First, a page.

What if I told you there is a scientifically proven way to delay aging and increase longevity without taking a pill? All you have to do is stop eating.
Scientists have known for decades that calorie restriction has an anti-aging effect on the body; however, few of us are willing to sacrifice our dinner (and breakfast and lunch) to live an extra ten or twenty years. Fortunately, scientists—including my lab at the Gladstone Institutes—are researching ways to mimic these longevity-promoting effects.
How Calorie Restriction Affects the Body
Aging is controlled by both our genes and the environment. Having long-lived parents is a clear predictor of longer lifespan, demonstrating the role of genetics in aging. However, the environment and external factors such as diet, exercise, or pollutants can also affect our longevity. The focus of my laboratory is to identify the mechanisms by which the environment influences aging through the process of epigenetics.
Epigenetics refers to the regulation of genes by something other than DNA—i.e. factors that turn certain genes on or off in cells that share the same DNA. This epigenetic regulation takes place at the level of histones, a family of proteins that are tightly associated with DNA and regulate its function. These changes in gene expression can thereby affect how an individual ages.
Calorie restriction—which we define as either reducing caloric intake by 20-30% every day or fasting a couple of days a week—promotes longevity by triggering epigenetic changes that make the body more resilient to the usual damage and stress that comes with age. My laboratory has identified two epigenetic regulators that link calorie restriction with increased lifespan: NAD (and its relationship to sirtuins), and ketone bodies.
NAD and Sirtuins
One primary consequence of calorie restriction is to increase levels of the coenzyme nicotinamide adenine dinucleotide (NAD). NAD is a critical co-factor, or helper molecule, to a family of proteins called sirtuins. Sirtuins are “master regulator” proteins that act like the conductor of an orchestra; one area of control are genes that are involved in aging. Thus, manipulating levels of sirtuins with NAD sets off a cascade of events that ultimately influences whether aging-related genes are turned on or off, affecting the body’s protective response to aging.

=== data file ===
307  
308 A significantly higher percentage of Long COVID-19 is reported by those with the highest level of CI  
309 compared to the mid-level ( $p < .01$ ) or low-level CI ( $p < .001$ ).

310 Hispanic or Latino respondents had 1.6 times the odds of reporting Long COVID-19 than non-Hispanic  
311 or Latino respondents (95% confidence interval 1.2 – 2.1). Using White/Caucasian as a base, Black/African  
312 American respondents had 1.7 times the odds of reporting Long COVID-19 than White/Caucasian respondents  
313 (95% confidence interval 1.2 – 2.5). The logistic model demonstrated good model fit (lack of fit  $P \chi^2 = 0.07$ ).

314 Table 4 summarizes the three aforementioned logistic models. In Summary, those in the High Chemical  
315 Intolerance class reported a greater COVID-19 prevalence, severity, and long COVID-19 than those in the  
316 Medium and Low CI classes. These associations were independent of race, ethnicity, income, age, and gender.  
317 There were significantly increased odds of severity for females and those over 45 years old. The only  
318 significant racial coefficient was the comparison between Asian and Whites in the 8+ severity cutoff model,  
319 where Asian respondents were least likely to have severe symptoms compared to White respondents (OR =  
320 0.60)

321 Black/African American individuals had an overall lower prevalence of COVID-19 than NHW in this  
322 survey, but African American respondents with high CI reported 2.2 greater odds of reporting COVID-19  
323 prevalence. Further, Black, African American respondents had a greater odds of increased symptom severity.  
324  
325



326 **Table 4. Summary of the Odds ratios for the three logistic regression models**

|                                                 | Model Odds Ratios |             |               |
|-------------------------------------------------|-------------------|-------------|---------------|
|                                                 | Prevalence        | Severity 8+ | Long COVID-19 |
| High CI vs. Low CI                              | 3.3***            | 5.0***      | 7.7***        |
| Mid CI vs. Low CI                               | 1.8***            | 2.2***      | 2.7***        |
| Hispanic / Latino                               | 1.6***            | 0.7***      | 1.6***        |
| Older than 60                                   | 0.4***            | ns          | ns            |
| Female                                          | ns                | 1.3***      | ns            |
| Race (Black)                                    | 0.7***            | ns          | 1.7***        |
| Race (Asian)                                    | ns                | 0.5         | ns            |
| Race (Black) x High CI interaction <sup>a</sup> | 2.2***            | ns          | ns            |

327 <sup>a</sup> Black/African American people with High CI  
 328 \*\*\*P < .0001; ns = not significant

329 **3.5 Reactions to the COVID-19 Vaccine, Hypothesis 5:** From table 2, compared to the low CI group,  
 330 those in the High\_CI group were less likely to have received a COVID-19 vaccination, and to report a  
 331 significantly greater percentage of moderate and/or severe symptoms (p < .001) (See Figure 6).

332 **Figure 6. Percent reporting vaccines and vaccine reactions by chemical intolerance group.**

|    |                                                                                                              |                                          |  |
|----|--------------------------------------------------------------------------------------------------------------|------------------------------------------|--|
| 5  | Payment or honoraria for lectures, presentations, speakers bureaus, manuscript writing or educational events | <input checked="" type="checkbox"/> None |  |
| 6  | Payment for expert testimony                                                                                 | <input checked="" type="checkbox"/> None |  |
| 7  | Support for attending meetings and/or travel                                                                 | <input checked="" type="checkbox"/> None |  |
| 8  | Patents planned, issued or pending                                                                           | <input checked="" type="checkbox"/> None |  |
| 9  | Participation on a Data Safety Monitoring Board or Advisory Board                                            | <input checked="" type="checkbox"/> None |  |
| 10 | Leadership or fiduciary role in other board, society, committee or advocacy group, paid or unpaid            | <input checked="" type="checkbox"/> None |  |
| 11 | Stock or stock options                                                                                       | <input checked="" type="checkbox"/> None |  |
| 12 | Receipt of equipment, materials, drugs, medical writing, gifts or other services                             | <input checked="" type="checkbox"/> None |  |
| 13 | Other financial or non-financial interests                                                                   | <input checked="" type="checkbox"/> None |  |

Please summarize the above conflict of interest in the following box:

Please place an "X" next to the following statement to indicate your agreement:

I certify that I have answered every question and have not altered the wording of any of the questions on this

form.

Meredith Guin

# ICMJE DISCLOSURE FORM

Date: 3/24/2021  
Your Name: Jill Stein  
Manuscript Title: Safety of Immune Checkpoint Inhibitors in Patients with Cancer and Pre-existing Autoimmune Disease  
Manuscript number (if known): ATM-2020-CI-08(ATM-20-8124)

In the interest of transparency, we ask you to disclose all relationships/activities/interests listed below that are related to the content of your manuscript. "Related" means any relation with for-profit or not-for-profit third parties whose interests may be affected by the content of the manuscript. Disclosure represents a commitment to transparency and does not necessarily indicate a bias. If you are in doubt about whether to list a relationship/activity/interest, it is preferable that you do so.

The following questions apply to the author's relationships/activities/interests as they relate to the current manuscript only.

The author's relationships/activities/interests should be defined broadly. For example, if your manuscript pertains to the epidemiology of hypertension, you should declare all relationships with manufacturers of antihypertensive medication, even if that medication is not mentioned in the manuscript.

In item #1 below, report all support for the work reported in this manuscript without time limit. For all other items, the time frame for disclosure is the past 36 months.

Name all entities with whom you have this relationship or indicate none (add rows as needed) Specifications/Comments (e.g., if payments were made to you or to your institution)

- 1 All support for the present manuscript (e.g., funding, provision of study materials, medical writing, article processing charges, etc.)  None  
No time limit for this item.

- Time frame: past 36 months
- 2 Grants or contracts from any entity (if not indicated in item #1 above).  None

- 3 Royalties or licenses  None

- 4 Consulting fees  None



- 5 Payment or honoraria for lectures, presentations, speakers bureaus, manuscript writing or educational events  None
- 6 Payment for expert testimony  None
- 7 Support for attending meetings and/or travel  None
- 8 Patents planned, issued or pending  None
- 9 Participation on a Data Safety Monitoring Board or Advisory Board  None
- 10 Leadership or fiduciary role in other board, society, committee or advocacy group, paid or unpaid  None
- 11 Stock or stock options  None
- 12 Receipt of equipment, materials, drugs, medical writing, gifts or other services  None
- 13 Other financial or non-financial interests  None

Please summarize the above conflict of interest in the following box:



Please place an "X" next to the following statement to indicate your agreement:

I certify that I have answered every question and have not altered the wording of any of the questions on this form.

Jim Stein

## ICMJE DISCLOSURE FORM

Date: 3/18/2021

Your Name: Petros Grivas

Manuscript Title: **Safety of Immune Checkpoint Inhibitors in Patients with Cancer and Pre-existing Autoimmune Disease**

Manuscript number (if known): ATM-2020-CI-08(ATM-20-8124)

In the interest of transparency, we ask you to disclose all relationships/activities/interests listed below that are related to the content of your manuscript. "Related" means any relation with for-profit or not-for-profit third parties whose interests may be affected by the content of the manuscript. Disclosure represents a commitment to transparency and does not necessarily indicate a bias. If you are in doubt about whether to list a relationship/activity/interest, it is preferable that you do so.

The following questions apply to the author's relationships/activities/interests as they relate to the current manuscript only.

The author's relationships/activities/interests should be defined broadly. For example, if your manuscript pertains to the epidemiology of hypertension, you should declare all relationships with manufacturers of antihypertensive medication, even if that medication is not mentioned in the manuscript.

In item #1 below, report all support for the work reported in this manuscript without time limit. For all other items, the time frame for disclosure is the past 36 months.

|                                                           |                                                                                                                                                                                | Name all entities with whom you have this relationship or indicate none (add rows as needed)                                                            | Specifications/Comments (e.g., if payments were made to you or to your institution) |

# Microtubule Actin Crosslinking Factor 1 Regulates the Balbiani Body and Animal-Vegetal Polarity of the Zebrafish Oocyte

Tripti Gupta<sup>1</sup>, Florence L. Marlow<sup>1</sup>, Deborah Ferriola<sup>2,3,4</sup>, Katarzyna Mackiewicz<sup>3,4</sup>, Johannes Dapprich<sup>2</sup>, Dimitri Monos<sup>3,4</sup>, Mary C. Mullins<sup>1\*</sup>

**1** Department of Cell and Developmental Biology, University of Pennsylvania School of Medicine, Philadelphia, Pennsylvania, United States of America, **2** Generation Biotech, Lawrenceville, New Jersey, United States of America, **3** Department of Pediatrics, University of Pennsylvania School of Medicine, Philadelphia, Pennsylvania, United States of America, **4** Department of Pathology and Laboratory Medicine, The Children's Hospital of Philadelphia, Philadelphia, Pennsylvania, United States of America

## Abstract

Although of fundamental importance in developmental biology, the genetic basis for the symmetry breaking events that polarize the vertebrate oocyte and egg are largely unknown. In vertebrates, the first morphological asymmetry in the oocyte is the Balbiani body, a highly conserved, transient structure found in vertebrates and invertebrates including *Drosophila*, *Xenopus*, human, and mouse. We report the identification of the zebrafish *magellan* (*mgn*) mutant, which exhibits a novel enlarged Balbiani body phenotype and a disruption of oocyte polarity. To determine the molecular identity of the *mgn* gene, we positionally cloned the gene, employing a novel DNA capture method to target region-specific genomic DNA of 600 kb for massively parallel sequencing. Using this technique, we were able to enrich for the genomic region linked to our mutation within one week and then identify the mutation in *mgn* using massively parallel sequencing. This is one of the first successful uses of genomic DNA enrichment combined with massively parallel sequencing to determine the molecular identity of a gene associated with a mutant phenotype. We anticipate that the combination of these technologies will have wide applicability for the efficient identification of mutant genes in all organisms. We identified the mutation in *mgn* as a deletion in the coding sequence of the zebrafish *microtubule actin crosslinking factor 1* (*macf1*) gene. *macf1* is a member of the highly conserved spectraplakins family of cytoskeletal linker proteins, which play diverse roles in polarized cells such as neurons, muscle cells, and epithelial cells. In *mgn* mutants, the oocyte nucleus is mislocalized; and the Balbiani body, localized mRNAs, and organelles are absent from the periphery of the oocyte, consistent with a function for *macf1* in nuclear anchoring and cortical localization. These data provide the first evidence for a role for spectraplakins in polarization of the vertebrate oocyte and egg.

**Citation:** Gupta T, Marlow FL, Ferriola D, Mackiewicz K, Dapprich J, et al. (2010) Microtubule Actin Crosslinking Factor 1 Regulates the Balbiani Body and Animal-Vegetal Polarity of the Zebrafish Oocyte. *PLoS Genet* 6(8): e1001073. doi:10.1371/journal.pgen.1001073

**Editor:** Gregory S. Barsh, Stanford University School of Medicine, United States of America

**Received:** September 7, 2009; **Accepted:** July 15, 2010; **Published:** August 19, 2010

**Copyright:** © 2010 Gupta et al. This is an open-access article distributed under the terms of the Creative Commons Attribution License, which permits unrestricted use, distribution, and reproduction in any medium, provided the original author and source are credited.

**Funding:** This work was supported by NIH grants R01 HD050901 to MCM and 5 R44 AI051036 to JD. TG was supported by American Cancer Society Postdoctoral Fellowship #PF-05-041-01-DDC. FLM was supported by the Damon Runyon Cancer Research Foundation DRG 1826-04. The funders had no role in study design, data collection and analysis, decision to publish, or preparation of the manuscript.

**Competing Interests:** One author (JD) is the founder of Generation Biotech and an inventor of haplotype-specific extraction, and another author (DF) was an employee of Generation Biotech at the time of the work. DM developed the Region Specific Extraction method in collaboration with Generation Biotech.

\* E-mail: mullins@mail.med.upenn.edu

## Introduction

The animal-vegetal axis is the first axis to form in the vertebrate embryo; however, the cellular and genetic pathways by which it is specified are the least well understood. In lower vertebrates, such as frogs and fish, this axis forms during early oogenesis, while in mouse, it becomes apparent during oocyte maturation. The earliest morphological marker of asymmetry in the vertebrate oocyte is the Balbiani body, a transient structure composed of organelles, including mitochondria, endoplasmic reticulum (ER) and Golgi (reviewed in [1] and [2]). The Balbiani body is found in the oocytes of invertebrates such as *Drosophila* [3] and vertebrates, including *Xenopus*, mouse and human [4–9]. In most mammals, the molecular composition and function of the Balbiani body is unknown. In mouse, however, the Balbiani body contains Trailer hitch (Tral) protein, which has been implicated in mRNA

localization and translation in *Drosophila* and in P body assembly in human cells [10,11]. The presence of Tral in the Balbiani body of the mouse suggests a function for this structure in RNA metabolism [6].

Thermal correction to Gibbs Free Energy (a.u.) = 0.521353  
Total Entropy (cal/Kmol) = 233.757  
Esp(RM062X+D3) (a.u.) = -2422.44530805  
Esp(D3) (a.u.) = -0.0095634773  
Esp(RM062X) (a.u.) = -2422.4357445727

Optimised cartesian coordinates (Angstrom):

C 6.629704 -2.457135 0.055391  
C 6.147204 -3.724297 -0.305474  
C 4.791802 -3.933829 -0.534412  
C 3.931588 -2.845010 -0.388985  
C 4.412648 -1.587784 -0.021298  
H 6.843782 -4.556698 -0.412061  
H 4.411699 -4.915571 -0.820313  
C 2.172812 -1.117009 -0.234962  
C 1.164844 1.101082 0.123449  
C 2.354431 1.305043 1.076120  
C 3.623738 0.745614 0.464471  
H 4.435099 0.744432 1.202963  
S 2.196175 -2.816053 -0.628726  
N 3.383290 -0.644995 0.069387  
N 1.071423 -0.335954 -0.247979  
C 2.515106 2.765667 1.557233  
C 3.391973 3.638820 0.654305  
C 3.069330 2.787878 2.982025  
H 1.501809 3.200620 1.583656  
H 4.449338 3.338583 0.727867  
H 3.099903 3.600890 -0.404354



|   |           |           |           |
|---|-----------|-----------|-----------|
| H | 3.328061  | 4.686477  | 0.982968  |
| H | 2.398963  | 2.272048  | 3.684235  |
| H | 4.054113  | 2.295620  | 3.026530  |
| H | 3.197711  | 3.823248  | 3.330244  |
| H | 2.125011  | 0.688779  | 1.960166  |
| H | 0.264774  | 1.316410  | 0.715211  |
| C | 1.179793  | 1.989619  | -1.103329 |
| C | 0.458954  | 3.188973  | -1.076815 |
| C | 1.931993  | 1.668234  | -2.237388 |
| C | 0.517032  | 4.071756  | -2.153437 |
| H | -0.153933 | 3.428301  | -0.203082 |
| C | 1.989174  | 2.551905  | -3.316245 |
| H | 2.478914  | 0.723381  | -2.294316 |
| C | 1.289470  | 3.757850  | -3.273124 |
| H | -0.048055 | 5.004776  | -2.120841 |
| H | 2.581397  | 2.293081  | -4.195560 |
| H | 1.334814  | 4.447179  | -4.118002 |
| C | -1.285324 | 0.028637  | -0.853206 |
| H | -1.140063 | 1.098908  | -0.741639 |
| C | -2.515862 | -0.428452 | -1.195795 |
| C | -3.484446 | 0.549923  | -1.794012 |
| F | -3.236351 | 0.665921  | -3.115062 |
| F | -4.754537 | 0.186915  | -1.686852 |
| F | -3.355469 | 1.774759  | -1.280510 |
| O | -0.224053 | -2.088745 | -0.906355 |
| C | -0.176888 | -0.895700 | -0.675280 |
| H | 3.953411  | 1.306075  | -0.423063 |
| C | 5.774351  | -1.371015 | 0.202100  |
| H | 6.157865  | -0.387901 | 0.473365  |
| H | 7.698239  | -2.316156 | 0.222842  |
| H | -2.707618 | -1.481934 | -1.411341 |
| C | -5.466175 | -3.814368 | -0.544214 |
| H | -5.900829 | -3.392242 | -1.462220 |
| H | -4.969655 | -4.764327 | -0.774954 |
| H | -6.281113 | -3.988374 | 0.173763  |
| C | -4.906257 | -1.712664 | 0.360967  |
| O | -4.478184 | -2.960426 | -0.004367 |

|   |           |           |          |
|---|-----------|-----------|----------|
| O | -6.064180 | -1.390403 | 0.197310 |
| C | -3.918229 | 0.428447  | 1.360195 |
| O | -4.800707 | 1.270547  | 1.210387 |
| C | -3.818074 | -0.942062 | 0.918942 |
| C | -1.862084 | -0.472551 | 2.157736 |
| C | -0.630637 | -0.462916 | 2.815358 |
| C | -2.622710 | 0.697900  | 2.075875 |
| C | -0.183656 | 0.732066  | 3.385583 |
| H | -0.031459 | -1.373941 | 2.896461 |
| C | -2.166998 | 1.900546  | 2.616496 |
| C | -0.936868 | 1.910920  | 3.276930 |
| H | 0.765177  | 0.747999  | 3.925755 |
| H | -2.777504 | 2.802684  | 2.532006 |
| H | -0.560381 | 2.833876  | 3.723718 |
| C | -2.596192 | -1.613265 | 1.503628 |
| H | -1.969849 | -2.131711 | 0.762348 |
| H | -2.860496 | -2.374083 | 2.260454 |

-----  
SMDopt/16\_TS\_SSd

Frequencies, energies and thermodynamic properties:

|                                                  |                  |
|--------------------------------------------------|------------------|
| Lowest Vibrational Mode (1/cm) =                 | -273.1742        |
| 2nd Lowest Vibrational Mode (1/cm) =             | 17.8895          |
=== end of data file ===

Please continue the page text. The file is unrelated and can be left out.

Notably, aging is associated with a reduction in NAD, which in turn decreases the activity of sirtuins. Calorie restriction reverses this natural decline in NAD.
Calorie restriction is also associated with an increase in the production of metabolites called ketone bodies. These metabolites are produced by the liver when our bodies use fat stores for energy, and they serve as an alternative fuel source during fasting or exercise. Similar to NAD and sirtuins, ketone bodies can regulate gene expression via epigenetics.
Ketone bodies protect cells from oxidative stress—the build-up of free radicals to toxic levels. As cells age, they become less effective at clearing free radicals, which can lead to cell damage reflective of the effects of aging. However, ketone bodies can help delay this process by inducing protective enzymes. Thus, ketone bodies indirectly help counteract oxidative stress, reversing components of aging.
Mimicking Fasting Without Calorie Restriction